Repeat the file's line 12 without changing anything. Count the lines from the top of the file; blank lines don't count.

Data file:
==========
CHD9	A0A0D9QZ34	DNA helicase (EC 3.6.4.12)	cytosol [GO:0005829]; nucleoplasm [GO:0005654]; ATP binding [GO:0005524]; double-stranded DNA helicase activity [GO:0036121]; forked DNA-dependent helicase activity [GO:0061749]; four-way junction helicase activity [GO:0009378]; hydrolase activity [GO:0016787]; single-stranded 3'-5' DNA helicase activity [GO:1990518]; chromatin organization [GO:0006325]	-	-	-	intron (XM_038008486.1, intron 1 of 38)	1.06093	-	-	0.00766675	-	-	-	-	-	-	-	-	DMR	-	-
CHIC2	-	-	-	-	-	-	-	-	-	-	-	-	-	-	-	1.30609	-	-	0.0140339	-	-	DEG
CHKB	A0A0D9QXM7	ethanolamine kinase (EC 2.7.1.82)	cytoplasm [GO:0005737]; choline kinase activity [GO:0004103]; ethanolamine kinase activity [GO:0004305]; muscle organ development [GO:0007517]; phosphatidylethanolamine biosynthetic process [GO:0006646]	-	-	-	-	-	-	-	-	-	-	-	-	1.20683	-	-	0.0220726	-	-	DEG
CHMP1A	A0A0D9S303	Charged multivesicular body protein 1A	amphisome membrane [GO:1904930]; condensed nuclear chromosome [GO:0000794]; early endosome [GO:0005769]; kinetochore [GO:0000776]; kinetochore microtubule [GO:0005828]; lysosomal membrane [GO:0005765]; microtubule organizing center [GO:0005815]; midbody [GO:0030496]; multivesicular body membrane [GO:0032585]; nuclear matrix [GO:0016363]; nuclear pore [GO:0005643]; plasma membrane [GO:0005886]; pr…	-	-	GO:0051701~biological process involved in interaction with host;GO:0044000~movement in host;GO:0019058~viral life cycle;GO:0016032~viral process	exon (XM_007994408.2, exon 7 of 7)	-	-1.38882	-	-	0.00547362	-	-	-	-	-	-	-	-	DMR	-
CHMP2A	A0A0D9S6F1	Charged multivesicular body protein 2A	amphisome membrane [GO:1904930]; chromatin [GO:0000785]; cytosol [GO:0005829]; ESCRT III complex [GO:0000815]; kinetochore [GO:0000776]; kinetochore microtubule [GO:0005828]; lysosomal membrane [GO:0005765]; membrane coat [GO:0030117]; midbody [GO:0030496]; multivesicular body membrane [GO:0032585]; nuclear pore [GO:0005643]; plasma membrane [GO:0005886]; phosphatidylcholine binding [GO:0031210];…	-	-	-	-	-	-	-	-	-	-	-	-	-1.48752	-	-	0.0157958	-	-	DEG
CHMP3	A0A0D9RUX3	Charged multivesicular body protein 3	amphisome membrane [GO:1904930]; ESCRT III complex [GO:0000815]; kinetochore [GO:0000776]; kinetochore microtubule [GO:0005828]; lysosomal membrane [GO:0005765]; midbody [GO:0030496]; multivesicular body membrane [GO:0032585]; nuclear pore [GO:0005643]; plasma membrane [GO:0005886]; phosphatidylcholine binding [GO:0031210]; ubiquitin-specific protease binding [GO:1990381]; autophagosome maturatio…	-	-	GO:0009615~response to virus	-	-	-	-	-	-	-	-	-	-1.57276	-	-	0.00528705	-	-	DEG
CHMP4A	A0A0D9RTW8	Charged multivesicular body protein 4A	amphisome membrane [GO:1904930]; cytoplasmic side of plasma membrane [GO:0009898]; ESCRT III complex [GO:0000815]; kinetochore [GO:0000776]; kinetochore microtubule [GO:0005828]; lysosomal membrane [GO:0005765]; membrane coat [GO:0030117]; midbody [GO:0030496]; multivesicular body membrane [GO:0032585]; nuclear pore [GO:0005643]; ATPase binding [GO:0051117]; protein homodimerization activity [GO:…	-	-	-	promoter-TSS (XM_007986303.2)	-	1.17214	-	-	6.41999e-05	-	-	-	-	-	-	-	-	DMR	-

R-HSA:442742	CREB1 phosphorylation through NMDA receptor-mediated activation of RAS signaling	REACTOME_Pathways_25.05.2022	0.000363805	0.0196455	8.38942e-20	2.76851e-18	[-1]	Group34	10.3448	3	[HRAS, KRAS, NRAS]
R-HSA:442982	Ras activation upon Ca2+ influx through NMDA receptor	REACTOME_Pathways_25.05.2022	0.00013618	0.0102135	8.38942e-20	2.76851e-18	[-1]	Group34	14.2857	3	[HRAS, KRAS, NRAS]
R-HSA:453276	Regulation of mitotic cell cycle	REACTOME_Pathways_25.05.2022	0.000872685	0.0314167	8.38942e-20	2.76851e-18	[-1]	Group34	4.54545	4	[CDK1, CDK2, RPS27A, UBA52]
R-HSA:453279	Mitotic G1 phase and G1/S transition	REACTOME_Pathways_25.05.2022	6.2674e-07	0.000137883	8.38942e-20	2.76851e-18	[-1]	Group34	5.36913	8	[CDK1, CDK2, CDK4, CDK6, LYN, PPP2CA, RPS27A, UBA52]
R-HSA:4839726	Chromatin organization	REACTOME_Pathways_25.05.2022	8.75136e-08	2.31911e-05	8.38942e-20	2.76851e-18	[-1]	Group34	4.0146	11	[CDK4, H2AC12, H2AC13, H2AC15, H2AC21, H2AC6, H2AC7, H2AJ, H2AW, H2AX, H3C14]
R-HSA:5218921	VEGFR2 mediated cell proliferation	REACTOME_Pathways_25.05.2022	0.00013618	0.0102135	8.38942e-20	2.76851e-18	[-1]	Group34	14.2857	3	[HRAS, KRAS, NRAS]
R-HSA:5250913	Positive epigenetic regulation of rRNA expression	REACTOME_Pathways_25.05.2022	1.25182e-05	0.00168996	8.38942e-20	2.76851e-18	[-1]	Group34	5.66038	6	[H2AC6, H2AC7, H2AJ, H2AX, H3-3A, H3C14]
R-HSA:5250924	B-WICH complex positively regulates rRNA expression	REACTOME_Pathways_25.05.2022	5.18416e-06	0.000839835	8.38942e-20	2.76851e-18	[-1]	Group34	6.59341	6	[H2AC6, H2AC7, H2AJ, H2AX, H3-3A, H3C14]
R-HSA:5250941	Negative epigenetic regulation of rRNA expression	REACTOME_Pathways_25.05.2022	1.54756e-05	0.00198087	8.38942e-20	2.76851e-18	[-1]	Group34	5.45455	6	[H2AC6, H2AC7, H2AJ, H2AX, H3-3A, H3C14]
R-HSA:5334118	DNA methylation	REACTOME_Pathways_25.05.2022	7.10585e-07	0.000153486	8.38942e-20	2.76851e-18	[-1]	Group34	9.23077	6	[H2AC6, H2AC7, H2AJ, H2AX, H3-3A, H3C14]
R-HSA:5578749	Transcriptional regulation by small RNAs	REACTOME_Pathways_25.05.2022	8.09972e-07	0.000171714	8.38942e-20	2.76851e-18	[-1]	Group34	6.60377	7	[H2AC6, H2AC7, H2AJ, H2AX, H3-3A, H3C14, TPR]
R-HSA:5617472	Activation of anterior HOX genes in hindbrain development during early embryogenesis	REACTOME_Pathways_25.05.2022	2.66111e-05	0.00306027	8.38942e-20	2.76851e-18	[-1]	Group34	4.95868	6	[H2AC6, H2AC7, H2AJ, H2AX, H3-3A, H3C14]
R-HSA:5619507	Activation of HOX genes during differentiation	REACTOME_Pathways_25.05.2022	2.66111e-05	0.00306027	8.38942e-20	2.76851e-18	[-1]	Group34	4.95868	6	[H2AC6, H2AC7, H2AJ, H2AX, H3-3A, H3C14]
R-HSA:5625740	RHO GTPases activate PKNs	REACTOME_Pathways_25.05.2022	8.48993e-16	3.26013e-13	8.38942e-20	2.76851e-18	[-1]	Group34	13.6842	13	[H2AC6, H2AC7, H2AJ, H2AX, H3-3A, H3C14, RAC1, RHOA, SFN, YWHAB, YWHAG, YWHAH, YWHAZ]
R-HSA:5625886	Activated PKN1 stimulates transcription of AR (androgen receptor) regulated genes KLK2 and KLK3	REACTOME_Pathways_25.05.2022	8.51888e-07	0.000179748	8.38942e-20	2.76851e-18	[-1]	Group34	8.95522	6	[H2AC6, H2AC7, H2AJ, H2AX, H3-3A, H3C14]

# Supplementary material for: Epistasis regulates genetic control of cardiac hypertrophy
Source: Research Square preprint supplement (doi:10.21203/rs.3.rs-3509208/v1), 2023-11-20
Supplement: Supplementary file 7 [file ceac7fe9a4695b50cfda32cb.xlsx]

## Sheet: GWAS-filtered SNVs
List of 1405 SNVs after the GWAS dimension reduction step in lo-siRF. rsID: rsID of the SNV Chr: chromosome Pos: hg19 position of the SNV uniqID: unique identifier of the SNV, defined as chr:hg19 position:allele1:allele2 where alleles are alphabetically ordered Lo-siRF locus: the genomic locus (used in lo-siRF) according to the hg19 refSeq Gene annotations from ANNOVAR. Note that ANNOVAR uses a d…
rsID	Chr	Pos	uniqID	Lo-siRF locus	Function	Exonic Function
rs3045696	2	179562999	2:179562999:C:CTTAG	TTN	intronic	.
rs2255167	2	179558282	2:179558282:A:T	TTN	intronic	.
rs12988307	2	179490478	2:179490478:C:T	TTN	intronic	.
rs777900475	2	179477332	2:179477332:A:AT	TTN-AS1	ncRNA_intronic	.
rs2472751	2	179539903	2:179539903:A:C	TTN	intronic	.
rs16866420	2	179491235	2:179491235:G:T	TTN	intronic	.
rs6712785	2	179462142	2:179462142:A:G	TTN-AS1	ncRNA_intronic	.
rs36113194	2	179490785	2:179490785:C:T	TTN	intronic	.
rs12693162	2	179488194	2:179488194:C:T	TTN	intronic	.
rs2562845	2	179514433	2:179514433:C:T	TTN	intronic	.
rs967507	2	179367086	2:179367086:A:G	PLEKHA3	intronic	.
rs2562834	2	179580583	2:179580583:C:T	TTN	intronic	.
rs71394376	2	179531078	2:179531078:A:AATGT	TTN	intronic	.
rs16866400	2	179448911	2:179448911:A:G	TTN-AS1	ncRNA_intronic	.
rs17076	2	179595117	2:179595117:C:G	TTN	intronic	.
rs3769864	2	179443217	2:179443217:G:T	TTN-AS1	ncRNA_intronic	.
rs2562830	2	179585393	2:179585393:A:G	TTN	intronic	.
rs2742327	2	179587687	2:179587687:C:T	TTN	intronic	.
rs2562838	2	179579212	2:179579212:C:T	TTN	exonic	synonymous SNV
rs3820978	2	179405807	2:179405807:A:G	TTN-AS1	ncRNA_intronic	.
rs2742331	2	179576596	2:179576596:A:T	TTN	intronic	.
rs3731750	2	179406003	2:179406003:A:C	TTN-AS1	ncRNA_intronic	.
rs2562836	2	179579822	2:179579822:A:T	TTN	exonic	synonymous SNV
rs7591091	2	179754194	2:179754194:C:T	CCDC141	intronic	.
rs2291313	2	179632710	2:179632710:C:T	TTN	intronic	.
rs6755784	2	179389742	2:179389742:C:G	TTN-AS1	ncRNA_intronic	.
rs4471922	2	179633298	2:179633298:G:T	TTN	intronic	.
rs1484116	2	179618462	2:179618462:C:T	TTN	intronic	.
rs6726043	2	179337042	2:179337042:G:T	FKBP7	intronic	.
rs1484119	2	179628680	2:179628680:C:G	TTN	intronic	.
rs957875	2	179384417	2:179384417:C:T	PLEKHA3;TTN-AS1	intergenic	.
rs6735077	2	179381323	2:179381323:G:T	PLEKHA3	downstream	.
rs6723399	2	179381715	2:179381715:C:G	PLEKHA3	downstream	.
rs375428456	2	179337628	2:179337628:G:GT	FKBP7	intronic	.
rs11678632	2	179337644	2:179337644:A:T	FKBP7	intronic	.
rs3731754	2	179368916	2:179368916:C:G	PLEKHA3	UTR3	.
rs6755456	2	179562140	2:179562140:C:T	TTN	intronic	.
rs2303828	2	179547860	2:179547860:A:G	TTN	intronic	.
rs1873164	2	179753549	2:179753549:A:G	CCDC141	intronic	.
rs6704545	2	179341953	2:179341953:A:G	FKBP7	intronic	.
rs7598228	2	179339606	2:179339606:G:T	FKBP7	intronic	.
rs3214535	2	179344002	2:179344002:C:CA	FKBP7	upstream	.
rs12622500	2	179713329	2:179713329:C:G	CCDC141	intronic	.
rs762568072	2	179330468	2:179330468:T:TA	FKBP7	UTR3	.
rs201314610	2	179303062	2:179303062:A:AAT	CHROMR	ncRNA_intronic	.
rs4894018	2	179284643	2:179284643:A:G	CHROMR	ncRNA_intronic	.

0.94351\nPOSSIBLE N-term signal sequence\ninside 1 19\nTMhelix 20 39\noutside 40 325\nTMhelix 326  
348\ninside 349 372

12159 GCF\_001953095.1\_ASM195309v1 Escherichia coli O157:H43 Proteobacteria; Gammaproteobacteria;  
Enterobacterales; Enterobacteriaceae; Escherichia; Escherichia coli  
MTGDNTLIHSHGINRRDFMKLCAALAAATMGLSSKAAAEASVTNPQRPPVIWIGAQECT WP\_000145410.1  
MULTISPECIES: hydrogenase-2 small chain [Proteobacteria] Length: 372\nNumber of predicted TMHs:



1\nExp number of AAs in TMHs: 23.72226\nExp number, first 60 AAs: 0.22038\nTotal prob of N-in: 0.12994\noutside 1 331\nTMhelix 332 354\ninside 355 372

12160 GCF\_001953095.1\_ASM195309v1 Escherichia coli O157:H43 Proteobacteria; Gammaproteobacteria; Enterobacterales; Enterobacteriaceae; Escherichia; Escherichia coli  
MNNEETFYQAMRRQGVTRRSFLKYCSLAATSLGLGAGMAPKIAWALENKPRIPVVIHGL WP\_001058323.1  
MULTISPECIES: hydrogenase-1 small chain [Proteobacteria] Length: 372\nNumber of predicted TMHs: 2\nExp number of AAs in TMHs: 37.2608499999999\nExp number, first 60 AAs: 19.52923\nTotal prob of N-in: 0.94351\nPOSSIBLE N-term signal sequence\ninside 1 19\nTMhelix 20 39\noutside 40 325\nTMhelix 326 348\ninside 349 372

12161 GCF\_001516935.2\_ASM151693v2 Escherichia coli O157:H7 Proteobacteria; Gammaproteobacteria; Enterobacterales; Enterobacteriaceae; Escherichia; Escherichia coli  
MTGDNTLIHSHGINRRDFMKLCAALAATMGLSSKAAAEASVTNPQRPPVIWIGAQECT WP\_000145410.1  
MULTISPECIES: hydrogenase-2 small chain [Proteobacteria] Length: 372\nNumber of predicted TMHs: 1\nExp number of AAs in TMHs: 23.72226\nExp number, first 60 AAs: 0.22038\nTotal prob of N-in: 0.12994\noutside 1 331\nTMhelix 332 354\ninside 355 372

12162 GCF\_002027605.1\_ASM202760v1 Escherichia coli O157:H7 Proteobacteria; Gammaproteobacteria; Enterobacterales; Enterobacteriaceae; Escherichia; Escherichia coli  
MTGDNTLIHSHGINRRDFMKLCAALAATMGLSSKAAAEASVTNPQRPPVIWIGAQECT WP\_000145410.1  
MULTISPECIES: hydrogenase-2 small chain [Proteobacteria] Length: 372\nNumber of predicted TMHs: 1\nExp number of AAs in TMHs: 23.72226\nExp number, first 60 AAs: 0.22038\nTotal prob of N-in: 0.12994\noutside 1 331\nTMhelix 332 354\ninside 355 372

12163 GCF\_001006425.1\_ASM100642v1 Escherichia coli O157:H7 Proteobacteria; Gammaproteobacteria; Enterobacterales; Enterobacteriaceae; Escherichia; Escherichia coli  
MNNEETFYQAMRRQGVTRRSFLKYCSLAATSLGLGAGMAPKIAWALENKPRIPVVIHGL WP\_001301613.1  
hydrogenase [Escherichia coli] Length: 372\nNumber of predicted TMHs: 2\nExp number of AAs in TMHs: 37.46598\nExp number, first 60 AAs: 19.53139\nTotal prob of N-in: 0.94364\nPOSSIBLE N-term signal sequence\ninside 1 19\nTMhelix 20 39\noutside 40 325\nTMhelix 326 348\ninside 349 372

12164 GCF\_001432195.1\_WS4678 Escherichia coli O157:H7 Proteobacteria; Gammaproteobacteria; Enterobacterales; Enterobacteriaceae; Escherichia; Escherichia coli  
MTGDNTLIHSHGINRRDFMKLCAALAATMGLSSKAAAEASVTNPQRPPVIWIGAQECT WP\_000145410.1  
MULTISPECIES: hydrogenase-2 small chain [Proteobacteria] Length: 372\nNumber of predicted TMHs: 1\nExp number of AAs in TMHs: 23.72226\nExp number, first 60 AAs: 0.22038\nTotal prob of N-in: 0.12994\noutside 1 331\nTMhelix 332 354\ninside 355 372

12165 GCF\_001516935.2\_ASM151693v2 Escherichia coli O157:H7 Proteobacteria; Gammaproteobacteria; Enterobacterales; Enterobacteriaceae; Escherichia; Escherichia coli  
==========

R-HSA:4839726	Chromatin organization	REACTOME_Pathways_25.05.2022	8.75136e-08	2.31911e-05	8.38942e-20	2.76851e-18	[-1]	Group34	4.0146	11	[CDK4, H2AC12, H2AC13, H2AC15, H2AC21, H2AC6, H2AC7, H2AJ, H2AW, H2AX, H3C14]